A group of Ipswich residents has asked the state Supreme Judicial Court to decide if Little Neck should have been sold for $31.4 million in August to 166 cottage owners, dissolving one of the nation’s oldest land trusts.
“We just feel this is such an important case, it requires the court’s review,” said Catherine Savoie, an attorney at Posternak, Blankstein & Lund, a Boston law firm representing the residents.
Savoie declined further comment. Lawyers for those who managed the land trust and agreed to the sale have until Oct. 1 to respond to the filing, according to the SJC court docket. Their attorney, Brian M. Hurley, did not return a call seeking comment.
The trust was established in 1660 after William Paine, an English settler, wrote in his will that the windswept peninsula rising over Crane Beach should never be sold, and rent collected from its use be placed into a trust to benefit the Ipswich public schools.
The SJC filing contains two briefs submitted by experts in trust law and philanthropy, critical of the lower court’s decision to allow the sale.
“The Probate Court abandoned all meaningful analysis to support its modification of Paine’s trust,” wrote Ronald Chester of Lincoln, who identified himself as a professor of trust and estate law for nearly 40 years.
A letter submitted by a nonprofit group called Donor Advising, Research & Educational Services of Indianapolis said the court’s decision to modify Paine’s will could have broad impact. “It is imperative that donors be given assurance that their intent will be carried out throughout the life of their gift, even into perpetuity if the gift is created in such a way,” the letter states.
The agreement contradicted Paine’s intent that the land trust be held “ . . . forever, on the condition that the land should not be ‘sold nor wasted,’” according to the SJC filing.
The settlement agreement allowed for Little Neck, which is about 35 acres, to be sold to cottage owners, who formed a condominium association. Mark DiSalvo, a trustee of the association, said the residents’ latest appeal is “. . . well-crafted but wholly without merit.”
“The transaction is completed and cannot be unwound without significant harm to all parties, particularly the school children of Ipswich,” DiSalvo wrote in an e-mail to the Globe.
For centuries, the trust was controlled by a board known as the Feoffees of the Ipswich Grammar School. More recently, the feoffees and Ipswich officials fought a decade-long battle over the amount of rent being charged to cottage owners, and the amount of money contributed to the schools.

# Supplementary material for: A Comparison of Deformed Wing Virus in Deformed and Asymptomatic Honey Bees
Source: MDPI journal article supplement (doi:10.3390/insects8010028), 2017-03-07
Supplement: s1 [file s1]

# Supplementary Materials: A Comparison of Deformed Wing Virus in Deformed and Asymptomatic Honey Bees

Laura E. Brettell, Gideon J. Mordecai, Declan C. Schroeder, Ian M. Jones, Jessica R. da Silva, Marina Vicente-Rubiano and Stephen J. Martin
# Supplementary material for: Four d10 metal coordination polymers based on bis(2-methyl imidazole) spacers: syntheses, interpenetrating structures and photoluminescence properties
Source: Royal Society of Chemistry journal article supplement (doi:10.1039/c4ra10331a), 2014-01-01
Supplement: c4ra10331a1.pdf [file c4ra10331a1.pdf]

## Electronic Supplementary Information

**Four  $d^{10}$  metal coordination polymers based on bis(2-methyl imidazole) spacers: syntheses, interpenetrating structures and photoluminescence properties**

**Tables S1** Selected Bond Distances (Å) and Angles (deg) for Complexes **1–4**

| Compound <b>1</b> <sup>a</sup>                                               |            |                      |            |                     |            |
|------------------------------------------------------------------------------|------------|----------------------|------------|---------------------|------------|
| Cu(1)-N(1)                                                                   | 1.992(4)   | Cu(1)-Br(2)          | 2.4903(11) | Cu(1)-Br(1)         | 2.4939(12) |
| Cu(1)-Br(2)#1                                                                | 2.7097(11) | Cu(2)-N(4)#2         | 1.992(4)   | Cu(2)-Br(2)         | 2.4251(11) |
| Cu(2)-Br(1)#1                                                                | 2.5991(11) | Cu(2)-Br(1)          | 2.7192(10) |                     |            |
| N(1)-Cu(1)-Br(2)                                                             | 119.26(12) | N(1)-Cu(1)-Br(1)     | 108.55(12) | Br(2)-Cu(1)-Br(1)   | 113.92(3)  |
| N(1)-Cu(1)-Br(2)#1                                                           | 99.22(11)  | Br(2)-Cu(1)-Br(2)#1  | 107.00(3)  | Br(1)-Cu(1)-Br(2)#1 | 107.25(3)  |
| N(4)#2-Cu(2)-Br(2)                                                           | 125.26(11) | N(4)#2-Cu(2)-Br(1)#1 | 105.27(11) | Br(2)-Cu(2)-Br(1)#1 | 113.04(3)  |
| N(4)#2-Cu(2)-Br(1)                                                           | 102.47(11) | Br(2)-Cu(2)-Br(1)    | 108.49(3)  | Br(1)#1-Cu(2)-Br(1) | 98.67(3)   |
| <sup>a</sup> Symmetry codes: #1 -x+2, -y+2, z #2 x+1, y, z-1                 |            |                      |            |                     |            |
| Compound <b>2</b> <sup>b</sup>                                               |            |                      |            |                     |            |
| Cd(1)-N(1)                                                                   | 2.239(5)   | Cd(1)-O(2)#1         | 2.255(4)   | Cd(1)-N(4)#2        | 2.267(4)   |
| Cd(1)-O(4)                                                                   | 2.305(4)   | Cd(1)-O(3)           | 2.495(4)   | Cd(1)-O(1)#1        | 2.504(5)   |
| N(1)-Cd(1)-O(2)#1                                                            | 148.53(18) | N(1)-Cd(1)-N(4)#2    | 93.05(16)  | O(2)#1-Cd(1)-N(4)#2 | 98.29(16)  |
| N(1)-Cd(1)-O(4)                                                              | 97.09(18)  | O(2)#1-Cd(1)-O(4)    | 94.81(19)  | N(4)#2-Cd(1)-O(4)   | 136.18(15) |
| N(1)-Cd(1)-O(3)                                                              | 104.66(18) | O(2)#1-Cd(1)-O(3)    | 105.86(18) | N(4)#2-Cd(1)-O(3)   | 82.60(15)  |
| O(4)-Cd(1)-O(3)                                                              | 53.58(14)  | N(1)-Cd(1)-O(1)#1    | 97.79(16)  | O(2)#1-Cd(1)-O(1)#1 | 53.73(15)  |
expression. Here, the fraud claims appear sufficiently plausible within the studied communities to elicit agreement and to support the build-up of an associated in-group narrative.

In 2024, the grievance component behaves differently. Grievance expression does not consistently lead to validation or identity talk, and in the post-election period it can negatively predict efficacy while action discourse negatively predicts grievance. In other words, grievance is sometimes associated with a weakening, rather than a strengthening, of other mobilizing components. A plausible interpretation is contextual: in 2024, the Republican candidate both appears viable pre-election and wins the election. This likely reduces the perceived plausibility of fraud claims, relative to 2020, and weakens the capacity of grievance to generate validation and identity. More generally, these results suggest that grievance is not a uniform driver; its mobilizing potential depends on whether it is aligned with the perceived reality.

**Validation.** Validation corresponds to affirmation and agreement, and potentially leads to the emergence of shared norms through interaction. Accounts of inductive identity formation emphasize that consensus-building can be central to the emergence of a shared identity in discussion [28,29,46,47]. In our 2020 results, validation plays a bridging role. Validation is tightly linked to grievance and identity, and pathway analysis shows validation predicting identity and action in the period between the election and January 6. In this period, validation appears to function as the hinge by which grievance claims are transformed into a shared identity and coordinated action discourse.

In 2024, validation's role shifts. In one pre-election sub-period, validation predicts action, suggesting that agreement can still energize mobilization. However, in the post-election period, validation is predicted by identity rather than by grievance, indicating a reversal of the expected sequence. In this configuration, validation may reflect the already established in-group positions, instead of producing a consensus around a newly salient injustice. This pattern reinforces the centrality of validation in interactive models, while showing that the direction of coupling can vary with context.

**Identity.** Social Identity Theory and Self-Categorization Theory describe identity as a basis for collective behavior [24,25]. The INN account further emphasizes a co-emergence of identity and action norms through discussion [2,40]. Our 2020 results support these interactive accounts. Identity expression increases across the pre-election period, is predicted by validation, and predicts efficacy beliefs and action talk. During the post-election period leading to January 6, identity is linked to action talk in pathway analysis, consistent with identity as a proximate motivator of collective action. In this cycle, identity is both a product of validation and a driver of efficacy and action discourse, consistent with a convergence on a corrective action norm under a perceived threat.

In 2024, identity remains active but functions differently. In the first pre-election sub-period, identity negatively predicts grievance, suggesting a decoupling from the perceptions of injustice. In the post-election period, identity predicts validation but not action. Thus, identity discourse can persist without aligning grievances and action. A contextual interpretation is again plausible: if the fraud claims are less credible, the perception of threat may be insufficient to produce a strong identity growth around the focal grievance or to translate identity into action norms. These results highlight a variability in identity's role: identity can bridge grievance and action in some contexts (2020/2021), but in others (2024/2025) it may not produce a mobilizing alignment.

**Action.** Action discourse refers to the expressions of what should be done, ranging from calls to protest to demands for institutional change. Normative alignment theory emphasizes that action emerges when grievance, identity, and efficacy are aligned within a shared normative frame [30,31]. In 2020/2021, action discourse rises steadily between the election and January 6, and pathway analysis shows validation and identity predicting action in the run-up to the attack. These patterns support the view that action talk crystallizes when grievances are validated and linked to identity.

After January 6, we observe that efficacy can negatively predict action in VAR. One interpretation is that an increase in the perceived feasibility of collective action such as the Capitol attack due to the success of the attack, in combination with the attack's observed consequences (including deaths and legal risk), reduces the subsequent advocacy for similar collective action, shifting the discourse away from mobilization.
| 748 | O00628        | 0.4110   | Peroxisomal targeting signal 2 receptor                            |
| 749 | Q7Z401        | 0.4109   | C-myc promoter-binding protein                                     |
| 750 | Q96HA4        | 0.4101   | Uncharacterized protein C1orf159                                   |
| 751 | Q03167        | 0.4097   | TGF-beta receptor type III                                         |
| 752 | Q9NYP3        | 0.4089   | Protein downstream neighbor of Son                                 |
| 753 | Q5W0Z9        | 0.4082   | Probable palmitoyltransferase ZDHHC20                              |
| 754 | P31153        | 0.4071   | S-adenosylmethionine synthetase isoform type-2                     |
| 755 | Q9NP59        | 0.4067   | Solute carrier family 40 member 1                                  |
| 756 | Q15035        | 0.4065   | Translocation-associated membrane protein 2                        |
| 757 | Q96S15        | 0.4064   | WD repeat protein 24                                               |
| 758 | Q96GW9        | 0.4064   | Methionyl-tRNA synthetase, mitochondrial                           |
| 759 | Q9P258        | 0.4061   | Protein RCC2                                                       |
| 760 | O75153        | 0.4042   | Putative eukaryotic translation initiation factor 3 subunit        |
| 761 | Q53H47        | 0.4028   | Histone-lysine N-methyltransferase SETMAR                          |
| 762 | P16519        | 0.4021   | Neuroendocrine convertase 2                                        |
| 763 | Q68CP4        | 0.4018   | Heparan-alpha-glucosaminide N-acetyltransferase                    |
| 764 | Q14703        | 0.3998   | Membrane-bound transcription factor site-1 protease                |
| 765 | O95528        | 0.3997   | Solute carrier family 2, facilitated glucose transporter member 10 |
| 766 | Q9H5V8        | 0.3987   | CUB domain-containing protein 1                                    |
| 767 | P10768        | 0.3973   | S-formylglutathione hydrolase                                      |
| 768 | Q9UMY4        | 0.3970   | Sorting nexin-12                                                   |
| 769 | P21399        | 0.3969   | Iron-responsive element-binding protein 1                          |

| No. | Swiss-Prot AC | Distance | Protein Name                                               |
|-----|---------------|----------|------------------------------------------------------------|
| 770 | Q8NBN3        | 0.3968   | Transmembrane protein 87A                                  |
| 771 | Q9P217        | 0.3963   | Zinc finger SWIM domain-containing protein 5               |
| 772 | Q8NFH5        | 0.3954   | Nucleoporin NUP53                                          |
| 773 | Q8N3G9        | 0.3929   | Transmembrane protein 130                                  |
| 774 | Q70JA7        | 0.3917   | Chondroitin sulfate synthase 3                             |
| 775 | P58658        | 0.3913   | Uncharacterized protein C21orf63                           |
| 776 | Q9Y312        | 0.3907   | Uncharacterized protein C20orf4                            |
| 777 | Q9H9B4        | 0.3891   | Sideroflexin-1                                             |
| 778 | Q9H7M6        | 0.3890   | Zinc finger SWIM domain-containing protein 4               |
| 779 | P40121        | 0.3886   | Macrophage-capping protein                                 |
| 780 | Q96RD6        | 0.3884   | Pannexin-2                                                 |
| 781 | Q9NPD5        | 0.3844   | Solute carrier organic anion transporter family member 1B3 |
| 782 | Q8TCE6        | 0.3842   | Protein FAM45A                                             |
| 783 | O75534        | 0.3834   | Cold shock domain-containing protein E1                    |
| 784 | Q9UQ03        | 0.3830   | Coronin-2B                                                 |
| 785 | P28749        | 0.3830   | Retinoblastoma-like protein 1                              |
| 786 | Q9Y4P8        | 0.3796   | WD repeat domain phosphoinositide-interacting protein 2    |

In 2010, the Ipswich School Committee sued the feoffees in Essex Probate Court. In December 2011, a few days after the trial opened, Judge Mary Anne Sahagian approved a settlement agreement between the two sides. The state attorney general’s office, which oversees charitable trusts, also agreed to the sale.
The settlement angered some Ipswich residents. They argued that Paine’s wishes were not being honored, and that the sale price of $31.4 million was too low. Residents in February filed to block the sale with the state Appeals Court, but a justice of the court ruled against the motion.
Lawyers for Ipswich residents — bolstered by an overwhelming vote of Town Meeting in May to continue legal action — asked the state’s highest court to hear the case.
“Because of the court’s preeminence, we’ve asked them to take the case directly,” Savoie said.
Proceeds from the sale were put into in a new investment trust established to benefit Ipswich schools. A seven-member panel, known as the New Feoffees, has been appointed to manage the trust.
After expenses related to the land closing and past bills owed by the former feoffees, the trust to benefit the schools will have $25.4 million in assets, according to a statement issued last month by the New Feoffees.
Ipswich schools are to receive $800,000 for each of the next three years; after that, the New Feoffees will determine how much the schools receive, according to the agreement.
Hugh O’Flynn, chairman of the Ipswich School Committee, said the board has decided not to spend any of the payment.
“We are concerned, if on the small chance the [sale] is overturned, if we have used the money, we will be liable for it,” he said, adding that the “School Committee stands by its decision” to agree to the settlement.